“When we only had symptomatic therapies, there was maybe a certain therapeutic nihilism even on the part of neurologists but also primary care doctors because there wasn’t a great urgency to make a diagnosis,” says Dr. Charles Bernick, a neurologist at the Cleveland Clinic Lou Ruvo Center for Brain Health in Nevada. “But now, with an effective therapy, there is.”
It’s important to set expectations, however, since while lecanemab can slow the continued deterioration of cognitive functions, it cannot improve people’s memory. Essentially, it pushes back the steady decline to buy patients more time during which they can remain independent and able to take care of themselves. Having that time is critical for patients like John Domeck, a retired attorney in Aurora, Ohio, who was diagnosed with Alzheimer’s in 2019. His doctor was honest about his outlook, telling him and his wife Ann that he would have about eight years before the more severe symptoms of the condition started to appear, including problems with his speech, physical clumsiness, more serious memory loss and finally not being able to swallow. For nearly a year they focused on lifestyle activities that can slow Alzheimer’s—reading, exercising, doing puzzles, and trying to stay socially engaged, despite the COVID-19 lockdown. “We sat in our driveway and talked to our neighbors,” says Ann. In 2020, Domeck joined the trial for lecanemab, and for 18 months he and Ann did not know if was getting the drug or placebo twice a month. After the study ended, he began receiving the drug for certain in July 2022, in the open-label portion of the trial, which will continue for another two years or so. “I noticed a difference,” says Ann of her husband’s short-term memory improvements since last year. At a beach gathering with relatives two weeks ago, she says John remembered the drinks that were served during their past family Christmas celebration. “That struck me,” she says. “Short-term things he would never remember before, he does now.” Slowing the disease has allowed them to continue traveling, and for John, keep playing golf.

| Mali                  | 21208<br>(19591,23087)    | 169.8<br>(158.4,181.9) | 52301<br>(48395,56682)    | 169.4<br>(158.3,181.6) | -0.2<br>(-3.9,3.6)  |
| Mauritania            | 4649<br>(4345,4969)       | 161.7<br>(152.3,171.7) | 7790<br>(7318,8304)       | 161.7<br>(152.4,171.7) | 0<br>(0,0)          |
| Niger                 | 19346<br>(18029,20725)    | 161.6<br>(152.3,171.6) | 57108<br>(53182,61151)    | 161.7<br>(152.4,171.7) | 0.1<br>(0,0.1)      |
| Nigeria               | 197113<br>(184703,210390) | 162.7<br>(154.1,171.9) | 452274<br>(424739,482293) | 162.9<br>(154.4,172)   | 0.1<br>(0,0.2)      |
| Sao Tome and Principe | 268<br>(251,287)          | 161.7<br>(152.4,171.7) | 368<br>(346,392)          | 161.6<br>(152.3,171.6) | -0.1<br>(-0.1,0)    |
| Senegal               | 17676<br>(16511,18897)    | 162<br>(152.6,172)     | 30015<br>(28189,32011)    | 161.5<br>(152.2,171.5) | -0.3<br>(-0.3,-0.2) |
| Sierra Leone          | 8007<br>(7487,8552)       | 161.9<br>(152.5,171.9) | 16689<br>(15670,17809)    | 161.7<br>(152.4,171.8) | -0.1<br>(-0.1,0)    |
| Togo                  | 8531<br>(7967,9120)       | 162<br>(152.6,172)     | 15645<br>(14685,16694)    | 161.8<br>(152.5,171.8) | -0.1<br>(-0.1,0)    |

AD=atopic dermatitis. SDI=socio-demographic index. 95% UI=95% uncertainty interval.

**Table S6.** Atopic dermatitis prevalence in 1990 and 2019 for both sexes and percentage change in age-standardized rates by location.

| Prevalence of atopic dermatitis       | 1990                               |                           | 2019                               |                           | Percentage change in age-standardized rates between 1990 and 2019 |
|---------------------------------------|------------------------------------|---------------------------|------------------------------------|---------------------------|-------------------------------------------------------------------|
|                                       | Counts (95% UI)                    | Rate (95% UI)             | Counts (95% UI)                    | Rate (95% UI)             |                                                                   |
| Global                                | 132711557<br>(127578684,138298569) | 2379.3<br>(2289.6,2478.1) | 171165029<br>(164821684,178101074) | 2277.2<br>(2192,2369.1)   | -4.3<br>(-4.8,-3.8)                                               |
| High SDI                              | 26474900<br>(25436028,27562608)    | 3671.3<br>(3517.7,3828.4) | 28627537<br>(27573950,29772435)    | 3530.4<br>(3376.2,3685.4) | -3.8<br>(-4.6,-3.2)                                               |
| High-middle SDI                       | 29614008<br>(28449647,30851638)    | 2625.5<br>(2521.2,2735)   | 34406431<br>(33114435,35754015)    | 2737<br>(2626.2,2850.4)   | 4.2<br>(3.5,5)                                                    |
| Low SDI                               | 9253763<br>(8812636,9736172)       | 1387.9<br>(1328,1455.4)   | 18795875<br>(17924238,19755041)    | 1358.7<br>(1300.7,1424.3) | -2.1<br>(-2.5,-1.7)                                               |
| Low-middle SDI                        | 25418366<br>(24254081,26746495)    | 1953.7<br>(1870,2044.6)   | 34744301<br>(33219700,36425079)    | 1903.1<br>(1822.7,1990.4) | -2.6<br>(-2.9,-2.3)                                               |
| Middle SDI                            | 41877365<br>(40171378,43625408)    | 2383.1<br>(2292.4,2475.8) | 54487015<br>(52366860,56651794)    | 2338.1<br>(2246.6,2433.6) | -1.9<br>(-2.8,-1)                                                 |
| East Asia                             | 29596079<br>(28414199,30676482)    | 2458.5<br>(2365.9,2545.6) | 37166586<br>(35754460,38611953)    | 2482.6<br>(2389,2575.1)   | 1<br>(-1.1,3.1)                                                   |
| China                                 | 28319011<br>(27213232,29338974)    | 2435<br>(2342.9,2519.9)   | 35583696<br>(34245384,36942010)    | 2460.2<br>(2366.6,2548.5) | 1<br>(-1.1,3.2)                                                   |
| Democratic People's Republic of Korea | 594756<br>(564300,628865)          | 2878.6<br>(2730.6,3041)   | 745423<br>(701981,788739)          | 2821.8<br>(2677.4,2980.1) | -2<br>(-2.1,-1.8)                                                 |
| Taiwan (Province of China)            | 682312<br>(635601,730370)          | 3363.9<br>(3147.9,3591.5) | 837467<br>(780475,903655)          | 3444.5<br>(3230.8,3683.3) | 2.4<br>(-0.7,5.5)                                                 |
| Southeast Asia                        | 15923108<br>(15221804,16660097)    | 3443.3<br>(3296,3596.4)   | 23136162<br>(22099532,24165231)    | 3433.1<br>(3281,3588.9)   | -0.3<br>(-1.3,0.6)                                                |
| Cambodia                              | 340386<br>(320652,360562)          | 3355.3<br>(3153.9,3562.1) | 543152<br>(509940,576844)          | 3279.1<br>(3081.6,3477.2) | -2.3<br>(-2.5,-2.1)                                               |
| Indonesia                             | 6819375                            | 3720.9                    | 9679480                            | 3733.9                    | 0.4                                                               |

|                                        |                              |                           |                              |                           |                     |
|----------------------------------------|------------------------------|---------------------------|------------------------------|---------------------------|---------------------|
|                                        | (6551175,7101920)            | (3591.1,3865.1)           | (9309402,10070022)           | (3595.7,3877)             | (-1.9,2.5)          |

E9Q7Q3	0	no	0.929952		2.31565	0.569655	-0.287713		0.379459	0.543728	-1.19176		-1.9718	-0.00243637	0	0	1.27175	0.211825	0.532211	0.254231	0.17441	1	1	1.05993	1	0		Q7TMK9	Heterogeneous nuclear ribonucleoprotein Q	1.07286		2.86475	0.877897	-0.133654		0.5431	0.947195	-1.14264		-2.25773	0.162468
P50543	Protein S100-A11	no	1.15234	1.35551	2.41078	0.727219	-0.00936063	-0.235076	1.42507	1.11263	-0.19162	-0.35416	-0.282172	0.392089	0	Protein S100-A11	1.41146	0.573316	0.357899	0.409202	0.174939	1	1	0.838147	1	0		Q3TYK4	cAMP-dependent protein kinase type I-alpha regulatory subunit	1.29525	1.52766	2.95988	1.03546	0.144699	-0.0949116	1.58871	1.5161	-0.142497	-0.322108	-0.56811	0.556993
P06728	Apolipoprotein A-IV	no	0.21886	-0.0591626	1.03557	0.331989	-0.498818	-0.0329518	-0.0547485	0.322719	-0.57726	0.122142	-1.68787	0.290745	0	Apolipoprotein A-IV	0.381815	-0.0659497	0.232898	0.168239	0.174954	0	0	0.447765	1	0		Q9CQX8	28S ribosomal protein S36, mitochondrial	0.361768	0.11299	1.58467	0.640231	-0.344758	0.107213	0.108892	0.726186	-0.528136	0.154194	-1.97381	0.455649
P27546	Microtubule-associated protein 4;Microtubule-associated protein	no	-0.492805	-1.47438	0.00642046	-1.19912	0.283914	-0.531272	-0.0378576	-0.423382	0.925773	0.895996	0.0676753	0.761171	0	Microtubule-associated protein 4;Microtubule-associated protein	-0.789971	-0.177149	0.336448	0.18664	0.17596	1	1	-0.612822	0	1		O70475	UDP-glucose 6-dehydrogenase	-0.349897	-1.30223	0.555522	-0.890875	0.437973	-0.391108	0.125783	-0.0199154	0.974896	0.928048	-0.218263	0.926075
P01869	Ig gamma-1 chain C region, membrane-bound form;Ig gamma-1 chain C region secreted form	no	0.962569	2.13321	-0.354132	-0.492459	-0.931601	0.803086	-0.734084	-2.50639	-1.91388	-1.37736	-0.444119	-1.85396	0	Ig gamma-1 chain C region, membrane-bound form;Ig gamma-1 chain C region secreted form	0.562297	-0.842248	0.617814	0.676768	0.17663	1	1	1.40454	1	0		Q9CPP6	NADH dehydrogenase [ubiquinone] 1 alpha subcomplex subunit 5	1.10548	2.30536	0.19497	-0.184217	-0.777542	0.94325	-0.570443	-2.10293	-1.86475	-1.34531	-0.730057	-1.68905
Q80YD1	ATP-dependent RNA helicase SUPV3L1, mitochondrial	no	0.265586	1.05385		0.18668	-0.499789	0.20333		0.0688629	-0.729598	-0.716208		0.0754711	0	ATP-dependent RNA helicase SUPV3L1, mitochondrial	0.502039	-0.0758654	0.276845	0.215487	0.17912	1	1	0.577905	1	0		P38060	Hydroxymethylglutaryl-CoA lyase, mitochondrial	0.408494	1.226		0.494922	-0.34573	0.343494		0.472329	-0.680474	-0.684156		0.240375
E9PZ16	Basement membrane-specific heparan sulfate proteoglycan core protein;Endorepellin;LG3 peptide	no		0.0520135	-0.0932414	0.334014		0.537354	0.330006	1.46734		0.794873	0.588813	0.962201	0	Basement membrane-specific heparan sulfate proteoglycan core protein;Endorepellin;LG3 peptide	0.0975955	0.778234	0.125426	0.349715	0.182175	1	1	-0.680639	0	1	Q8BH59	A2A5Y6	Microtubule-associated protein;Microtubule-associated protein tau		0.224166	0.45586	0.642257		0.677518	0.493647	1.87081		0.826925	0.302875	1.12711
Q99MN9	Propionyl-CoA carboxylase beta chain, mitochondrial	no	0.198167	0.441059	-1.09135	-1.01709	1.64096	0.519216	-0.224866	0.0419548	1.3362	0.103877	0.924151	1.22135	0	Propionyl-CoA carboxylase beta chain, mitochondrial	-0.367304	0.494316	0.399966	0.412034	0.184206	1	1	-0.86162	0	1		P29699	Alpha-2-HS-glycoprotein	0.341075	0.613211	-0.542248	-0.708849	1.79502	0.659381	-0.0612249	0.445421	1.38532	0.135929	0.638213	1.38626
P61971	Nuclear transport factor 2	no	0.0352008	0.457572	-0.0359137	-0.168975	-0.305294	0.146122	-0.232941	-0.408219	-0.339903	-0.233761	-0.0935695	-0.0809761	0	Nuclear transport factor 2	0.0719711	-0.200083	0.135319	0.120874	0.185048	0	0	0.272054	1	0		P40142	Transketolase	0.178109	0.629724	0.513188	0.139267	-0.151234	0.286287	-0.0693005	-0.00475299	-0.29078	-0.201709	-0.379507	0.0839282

Ann and John Domeck on a trip to Alaska in 2021, timed between infusions while he was in the study; Ann and John during John’s infusion at the Cleveland Clinic in Jan 2023
John is now testing a more convenient way to deliver lecanemab, with autoinjections that Ann gives him in the abdomen once a week at home instead of the twice-monthly IV infusions at the Cleveland Clinic, where he was part of the study. Eisai says the company is planning to report results of the self-injections by the end of the year.
John never hesitated about volunteering, and says “to participate in the trial was something we both looked forward to.” With lecanemab’s approval, he and Ann are beginning to appreciate what that decision could mean for Alzheimer’s patients. “I don’t think we understood what would come out of it,” says Ann. “But the more we were in it, the more we got the impact. This is amazing.”